Critics might say, 'Ah, but the question didn't contain a caveat about Scotland not being part of the union.' You can take what you like from it, but it contains no caveats about being separate from the UK either. As for the oil, this has also been debunked, I don't think it'll be long before Alistair Carmichael suggests - as Libdem MSP Tavish Scott did - that the Northern Isles may not be on board with independence and might pick up their oil and piss off with it. Unfortunately that has also been debunked, in short, because of the UN Convention of the Law of the Sea (or more snappily; UNCLOS) - they wouldn't have any.

For what its worth, I'd hate to see the Northern Isles not come along on the independence journey, it goes with out saying, its up to the islanders. I can't sit here and extol the virtues of independence and self determination for some but not others. All of Scotland's islands are part of what makes Scotland such an interesting place, having had the merest sensation of what Island living is about, I can't believe they'd shun the ethos of community and the Common Weal for Westminster's cruel bastardised Darwinism.

Anyway, I digress. Expect trouble-making from Carmichael. He'll claim to have a mandate to speak for the people of Orkney and Shetland - that may be true, but will they agree with him on independence?

On the up side, he'll have plenty of time to formulate points and develop arguments, as Secretary of State for Scotland - its not like he'll be rushed off his feet.

Alistair Carmichael's PA wakes him at home time.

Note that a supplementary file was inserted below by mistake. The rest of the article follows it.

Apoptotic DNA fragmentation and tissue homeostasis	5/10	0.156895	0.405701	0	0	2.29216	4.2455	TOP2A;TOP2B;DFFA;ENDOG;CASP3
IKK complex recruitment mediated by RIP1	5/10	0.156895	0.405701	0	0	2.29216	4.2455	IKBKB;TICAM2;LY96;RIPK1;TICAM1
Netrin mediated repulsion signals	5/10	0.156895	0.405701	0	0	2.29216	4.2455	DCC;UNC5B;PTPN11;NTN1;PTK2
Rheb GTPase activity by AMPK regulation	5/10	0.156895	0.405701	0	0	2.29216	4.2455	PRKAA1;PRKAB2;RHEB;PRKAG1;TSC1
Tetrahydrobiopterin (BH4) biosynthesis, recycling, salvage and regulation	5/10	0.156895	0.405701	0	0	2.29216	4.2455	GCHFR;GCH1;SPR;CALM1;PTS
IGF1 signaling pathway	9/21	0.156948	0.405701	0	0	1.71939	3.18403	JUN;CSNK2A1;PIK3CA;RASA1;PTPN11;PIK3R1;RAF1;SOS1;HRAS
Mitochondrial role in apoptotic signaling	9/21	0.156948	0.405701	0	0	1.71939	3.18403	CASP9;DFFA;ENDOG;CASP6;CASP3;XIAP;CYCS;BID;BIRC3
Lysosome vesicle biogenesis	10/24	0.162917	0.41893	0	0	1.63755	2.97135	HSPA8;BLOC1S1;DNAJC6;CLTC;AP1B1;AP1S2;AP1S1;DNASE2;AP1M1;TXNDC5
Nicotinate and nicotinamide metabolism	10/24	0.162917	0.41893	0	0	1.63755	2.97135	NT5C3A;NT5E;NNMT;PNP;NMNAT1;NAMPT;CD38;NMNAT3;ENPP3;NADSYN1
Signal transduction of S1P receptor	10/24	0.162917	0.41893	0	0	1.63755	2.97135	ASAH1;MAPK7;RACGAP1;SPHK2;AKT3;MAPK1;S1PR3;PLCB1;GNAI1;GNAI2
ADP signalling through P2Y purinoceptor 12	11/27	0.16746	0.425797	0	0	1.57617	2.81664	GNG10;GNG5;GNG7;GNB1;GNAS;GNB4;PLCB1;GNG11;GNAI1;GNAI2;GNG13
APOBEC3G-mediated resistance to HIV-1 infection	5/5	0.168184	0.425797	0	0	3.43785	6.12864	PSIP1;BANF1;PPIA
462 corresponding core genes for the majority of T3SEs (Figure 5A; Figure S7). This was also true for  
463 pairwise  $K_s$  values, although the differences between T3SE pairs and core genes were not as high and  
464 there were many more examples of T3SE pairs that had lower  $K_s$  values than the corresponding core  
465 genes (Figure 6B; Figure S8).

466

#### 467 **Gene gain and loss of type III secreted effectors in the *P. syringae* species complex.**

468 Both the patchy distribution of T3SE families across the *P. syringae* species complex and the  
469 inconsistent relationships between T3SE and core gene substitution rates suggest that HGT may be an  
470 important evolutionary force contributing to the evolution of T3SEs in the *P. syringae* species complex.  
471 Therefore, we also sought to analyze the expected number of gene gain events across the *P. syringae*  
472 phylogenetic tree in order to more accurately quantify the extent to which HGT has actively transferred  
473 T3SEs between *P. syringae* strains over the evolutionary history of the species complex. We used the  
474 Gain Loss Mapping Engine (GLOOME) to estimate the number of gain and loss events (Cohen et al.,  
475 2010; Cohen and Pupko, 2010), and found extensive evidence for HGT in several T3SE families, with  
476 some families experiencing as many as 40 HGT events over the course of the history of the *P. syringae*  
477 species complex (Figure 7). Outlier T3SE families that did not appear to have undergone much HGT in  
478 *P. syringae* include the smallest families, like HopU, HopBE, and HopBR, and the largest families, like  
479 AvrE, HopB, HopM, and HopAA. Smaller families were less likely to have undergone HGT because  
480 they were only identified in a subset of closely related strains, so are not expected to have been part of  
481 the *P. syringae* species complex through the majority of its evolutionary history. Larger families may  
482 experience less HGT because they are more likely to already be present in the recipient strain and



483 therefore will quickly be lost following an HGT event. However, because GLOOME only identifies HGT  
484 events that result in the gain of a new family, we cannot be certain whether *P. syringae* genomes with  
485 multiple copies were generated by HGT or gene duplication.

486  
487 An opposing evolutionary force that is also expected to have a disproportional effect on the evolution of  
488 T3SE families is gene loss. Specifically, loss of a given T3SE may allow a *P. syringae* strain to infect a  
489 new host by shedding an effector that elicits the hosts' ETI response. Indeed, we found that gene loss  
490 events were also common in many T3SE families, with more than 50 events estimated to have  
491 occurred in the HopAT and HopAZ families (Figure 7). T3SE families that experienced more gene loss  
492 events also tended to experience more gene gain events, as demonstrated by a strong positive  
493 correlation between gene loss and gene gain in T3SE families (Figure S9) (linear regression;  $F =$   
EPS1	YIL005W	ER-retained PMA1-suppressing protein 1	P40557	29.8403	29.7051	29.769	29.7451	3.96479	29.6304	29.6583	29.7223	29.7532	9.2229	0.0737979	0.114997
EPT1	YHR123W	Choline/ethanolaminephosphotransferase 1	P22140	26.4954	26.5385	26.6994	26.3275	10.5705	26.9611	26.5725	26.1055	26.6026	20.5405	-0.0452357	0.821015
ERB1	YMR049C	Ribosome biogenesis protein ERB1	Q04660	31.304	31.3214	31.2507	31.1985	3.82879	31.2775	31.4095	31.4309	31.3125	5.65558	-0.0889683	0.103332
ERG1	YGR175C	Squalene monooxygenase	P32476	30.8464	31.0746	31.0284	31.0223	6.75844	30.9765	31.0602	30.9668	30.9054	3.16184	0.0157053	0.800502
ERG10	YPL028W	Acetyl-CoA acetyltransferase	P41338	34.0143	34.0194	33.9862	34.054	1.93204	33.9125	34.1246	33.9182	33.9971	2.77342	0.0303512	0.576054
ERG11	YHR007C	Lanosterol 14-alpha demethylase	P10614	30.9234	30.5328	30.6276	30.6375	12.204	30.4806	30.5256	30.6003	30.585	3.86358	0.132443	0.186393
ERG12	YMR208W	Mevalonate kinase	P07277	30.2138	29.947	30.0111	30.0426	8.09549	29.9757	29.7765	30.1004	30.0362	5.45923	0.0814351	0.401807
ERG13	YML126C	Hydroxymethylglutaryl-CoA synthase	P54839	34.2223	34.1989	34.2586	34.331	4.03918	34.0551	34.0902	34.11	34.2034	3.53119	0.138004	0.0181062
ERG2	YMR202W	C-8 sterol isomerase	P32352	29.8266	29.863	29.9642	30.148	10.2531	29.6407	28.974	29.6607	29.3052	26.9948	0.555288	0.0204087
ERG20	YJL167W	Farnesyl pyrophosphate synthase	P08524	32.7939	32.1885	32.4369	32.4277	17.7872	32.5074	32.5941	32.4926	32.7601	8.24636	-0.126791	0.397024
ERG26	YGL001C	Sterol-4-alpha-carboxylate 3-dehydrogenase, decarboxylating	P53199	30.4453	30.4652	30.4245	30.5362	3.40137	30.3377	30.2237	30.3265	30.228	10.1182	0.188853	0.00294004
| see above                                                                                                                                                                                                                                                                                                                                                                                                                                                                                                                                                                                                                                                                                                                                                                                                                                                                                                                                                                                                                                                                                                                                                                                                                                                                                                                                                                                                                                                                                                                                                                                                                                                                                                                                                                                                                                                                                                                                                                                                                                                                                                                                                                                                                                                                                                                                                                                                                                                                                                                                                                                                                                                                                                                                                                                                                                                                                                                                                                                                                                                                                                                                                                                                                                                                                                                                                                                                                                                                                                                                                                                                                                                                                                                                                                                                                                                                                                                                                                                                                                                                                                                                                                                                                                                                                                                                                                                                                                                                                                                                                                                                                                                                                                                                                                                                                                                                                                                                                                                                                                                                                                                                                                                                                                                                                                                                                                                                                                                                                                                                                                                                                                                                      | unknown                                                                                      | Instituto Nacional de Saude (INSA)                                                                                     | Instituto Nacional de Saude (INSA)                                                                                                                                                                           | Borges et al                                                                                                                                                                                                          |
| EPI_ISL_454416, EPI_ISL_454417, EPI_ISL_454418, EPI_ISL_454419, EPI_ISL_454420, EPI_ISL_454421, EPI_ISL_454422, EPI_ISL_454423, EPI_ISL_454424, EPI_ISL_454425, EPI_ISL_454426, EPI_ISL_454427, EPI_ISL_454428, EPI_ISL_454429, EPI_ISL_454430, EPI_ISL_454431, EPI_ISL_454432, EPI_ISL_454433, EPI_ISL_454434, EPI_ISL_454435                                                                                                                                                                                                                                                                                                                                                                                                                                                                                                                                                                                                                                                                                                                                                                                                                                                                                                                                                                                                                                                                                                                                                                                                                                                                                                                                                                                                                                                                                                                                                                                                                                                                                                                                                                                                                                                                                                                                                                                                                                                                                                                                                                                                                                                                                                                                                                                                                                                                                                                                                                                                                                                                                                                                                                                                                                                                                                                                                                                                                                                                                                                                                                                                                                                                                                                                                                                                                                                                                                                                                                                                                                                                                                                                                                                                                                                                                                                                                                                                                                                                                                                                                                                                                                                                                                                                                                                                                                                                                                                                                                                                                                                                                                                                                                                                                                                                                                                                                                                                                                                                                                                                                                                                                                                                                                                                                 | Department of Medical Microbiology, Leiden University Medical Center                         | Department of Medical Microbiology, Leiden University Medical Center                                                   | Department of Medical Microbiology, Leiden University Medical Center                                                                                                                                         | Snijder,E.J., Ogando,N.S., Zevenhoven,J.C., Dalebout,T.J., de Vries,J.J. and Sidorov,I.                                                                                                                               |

PS: If anyone has been affected by any issues contained within this blog entry, please get in touch with, call free on 0800 731 9590 or write to him at:

Rt Hon David Mundell MP
Constituency Office 
2 Holm Street, 
DG10 9EB 

Any concerned Scottish constituents suffering from anxiety or nervous tension at the departure of Michael Moore can rest easy, David is still in position at the Scotland Office.

Look at that face and feel the stress drain away...


  1. I wonder how popular he is now.

    He certainly increased the vote last time round from Lard Wallace's position.

    But remember that in the Scottish elections (where the islands have 2 MSPs) they only won in Orkney because an anti windfarm candidate took some votes away from the SNP. And they lost ground in Shetland too.

    This is Liberal's safest seat, but that was before they got involved with the poisonous Tories.

    As for a more aggressive style... I imagine Alex will be fair quaking or maybe quacking.

  2. I really can't imagine he'll be any more effective than Moore was. I mean I haven't, or at least don't remember any of Carmichael's skirmishes in the past.

    How terrible could he possibly be given the talent pool? Even if the guy is a superhero, they still have Mundell balancing things out.


  3. Is it really for the islanders to decide, though? They're part of Scotland. I mean, no one would consider giving folk from Angus a choice as to whether they want to come along for the ride post independence. I know the islanders view themselves as a bit different but does that difference constitute nationhood?

    And yes, I'm very aware that the same arguments have been used to dismiss calls for Scottish independence in the past, but I think most reasonable people can see the difference between the two scenarios.

  4. I can see the difference, and while the islands aren't nations per se, they weren't always Scottish - although you have to go back to the 1400's right enough.

    What ever, its a decoy to get us yacking about that instead of what really matters.

    For me its a grey area, I still wouldn't feel comfortable saying no to the islanders while offering the choice to the rest of Scotland, I feel positive they wouldn't vote to leave anyway.


Thanks for comment as always and I apologise if you have to jump through any hoops to do so. Its just that, I'm still being spammed by organisations who are certain I can't get it up or when it is up its not big enough or that I don't have anyone to get it up for.

Who knew blogging could be so bad for ones self-confidence?